Trademark Filer Beware

When you apply for a trademark, it opens you up to start receiving trademark solicitations and scams. How do you know which correspondence is legitimate? Most are not.

If you have filed a trademark application with The United States Patent and Trademark Office yourself, then you are listed on the trademark application and you are now exposed to receive solicitations from services which promise additional protection. These solicitations are illusory, and, in many cases, illegal. The U.S. Trademark Office is trying hard to warn trademark owners of these unscrupulous entreaties.

These trademark scam letters can come in a number of different forms and none of them is more legitimate than the rest.

They can come from a few different companies. They are all sending these letters that look very official and people are paying for services that either they don’t get or they don’t necessarily need. The most common is a trademark registration letter that is sent shortly after you file an application. It invites you to register your name in an “internet database” or a printed “trademark registry.” The letters are unclear as to what the internet database is (other than the fact that it has a weighty-sounding name), where it is, how it is maintained, or the criteria for inclusion. Be assured that it is not part of traditional trademark practice.

Listing the mark in a third party registry is unnecessary, since the Trademark Office will assign that application to an examining attorney who is an experienced trademark lawyer. The Examining Attorney reviews that application and as part of that review, they will search the database at the U.S. Patent and Trademark Office. They will do a comprehensive search of all of the records at the Patent and Trademark Office to see if there are any previously filed or previously registered trademarks that would create a conflict with yours. The service being offered to you by this private company is already being provided by the U.S. government as part of its examination process.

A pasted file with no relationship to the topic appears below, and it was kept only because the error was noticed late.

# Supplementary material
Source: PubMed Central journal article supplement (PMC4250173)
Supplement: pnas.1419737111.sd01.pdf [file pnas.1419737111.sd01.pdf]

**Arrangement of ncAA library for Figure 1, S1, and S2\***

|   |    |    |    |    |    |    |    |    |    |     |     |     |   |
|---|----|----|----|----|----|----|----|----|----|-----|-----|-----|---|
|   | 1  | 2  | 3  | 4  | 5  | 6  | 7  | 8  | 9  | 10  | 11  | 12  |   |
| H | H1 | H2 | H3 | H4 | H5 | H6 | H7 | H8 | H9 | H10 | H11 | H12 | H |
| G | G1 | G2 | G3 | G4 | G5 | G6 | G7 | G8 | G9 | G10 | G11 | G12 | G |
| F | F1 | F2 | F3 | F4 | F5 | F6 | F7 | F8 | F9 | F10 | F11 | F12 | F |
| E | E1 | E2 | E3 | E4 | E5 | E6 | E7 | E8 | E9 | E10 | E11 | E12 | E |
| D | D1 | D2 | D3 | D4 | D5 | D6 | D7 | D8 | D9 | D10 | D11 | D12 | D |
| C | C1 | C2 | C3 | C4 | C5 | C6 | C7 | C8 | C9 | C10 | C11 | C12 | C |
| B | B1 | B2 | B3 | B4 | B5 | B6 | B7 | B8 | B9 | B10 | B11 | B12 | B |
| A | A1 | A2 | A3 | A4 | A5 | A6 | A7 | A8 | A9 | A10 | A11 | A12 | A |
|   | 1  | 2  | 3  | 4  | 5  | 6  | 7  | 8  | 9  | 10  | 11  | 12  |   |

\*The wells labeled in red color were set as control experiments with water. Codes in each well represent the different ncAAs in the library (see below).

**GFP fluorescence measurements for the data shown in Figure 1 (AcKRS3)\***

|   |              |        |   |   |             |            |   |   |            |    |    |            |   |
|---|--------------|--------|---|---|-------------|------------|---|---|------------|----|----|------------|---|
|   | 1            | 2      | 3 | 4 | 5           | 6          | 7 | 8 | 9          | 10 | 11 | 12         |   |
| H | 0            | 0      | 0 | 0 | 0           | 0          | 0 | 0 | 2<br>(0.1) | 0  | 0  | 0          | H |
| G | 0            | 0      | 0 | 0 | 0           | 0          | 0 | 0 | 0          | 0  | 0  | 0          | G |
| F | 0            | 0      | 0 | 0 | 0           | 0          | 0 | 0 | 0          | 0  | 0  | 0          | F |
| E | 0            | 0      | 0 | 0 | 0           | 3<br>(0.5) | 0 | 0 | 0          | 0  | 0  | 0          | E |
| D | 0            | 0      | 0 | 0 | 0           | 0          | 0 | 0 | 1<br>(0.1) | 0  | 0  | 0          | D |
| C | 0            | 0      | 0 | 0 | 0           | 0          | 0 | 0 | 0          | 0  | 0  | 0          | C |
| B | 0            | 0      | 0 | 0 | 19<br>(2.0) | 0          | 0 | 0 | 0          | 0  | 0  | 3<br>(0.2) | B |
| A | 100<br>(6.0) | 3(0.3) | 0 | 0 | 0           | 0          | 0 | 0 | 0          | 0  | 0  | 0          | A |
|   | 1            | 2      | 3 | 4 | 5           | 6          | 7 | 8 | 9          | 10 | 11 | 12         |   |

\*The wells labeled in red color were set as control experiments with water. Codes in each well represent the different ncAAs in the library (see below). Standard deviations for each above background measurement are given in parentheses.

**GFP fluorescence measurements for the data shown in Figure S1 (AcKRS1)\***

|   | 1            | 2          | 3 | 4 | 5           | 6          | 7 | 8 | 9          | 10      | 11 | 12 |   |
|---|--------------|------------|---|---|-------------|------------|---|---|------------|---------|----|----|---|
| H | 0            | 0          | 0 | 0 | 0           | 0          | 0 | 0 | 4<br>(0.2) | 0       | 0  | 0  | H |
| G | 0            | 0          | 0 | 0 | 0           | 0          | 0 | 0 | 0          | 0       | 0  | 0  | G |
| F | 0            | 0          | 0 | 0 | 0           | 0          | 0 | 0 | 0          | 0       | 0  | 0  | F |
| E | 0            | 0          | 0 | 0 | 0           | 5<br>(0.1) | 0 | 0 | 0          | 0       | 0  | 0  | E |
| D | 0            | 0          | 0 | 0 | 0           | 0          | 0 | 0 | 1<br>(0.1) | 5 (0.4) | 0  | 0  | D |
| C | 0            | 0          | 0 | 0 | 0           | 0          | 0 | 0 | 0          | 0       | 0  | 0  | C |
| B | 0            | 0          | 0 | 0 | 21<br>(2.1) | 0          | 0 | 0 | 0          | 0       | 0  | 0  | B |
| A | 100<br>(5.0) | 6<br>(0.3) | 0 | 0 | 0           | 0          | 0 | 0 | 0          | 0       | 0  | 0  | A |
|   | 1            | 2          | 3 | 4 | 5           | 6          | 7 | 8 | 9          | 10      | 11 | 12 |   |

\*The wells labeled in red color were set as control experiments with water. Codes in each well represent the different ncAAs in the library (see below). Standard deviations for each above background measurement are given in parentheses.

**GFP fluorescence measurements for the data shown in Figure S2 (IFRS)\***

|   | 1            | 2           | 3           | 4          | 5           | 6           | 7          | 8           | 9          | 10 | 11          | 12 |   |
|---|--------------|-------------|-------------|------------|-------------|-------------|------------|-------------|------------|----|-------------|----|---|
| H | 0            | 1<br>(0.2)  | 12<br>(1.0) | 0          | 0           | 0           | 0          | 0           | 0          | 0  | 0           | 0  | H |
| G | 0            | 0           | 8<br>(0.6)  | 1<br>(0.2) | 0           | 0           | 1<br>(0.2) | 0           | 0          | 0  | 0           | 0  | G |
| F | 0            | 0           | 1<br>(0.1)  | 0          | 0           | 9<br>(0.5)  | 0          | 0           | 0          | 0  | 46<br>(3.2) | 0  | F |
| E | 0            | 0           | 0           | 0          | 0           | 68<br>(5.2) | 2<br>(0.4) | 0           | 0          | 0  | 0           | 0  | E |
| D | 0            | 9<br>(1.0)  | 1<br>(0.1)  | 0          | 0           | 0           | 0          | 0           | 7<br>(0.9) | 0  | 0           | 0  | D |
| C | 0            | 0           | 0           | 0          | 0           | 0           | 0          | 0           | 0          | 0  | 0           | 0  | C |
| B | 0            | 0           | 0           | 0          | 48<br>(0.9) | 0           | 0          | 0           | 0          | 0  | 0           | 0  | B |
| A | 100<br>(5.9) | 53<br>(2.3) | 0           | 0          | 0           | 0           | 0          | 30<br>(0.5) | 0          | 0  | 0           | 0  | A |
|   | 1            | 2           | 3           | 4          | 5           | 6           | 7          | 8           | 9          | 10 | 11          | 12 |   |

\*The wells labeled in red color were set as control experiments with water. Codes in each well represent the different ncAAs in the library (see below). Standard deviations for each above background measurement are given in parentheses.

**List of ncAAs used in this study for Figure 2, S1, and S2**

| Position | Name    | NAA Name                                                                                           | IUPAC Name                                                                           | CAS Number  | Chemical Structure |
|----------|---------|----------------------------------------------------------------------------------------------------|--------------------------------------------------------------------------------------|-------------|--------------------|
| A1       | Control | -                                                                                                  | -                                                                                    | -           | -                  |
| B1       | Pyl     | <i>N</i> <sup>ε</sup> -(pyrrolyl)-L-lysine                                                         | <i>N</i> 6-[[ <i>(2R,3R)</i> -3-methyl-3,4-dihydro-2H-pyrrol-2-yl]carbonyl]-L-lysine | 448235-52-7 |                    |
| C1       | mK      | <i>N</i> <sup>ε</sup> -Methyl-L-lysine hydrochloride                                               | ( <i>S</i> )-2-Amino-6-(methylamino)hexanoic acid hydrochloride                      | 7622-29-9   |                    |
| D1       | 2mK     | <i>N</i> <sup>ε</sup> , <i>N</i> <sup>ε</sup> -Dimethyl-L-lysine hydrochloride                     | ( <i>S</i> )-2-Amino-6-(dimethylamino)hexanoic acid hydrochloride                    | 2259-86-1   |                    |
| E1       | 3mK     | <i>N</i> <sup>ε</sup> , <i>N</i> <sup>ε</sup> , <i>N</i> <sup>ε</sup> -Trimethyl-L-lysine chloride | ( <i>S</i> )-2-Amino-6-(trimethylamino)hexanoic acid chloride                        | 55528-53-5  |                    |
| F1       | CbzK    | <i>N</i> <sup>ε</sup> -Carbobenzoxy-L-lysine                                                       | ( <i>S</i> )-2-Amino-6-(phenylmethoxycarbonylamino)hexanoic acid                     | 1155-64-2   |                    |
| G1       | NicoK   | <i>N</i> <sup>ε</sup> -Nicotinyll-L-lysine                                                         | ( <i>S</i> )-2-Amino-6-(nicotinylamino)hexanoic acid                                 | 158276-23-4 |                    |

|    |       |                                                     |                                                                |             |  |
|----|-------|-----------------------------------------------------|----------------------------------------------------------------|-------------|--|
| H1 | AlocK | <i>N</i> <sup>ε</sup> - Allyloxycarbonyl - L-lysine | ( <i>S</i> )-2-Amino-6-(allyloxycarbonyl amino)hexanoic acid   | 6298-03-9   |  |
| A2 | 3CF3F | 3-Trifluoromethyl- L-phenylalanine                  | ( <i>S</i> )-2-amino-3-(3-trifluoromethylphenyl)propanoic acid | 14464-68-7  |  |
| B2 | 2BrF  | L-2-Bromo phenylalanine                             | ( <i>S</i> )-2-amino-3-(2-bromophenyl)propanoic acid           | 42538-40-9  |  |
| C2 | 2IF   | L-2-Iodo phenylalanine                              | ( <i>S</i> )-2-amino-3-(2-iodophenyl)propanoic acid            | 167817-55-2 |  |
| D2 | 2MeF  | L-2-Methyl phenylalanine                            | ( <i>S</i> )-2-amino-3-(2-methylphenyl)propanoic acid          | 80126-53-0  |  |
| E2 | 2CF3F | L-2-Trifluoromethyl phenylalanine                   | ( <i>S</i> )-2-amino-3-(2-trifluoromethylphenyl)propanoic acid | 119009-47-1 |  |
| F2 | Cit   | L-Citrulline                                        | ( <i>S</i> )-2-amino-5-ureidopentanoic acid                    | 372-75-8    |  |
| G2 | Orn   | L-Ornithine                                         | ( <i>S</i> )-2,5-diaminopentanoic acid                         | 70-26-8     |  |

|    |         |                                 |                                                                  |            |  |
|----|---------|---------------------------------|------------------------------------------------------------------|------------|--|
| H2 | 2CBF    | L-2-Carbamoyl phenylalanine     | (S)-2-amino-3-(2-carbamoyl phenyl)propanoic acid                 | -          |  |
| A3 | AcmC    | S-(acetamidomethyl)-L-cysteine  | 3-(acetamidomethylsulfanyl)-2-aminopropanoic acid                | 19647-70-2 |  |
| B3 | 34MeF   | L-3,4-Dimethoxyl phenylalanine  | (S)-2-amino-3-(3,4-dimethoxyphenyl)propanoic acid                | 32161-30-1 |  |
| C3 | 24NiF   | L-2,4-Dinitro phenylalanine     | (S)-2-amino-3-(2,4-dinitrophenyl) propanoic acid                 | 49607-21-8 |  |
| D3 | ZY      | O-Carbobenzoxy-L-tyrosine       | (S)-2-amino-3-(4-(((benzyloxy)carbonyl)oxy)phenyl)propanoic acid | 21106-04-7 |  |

With every month, another new trademark scam appears (or re-appears after a hiatus). This month’s comes from something called “Brand Registration Office” and features the following:

  • an office in Washington, D.C.,
  • a governmental-sounding name,
  • a seal in the top left of the offer,
  • an offer to include your mark in the “Trademark Selection Edition 2016”
  • at a cost of $1,325, and wiring instructions through Germany.

This publication has no real value to trademark owners. Trademark professionals do not rely on any private directories for anything. They are incomplete and unofficial. They do not add to your trademark’s protection in any meaningful way.

 

For more information about this or any trademark or copyright issues, please contact Fred Frawley (afrawley@eatonpeabody.com)

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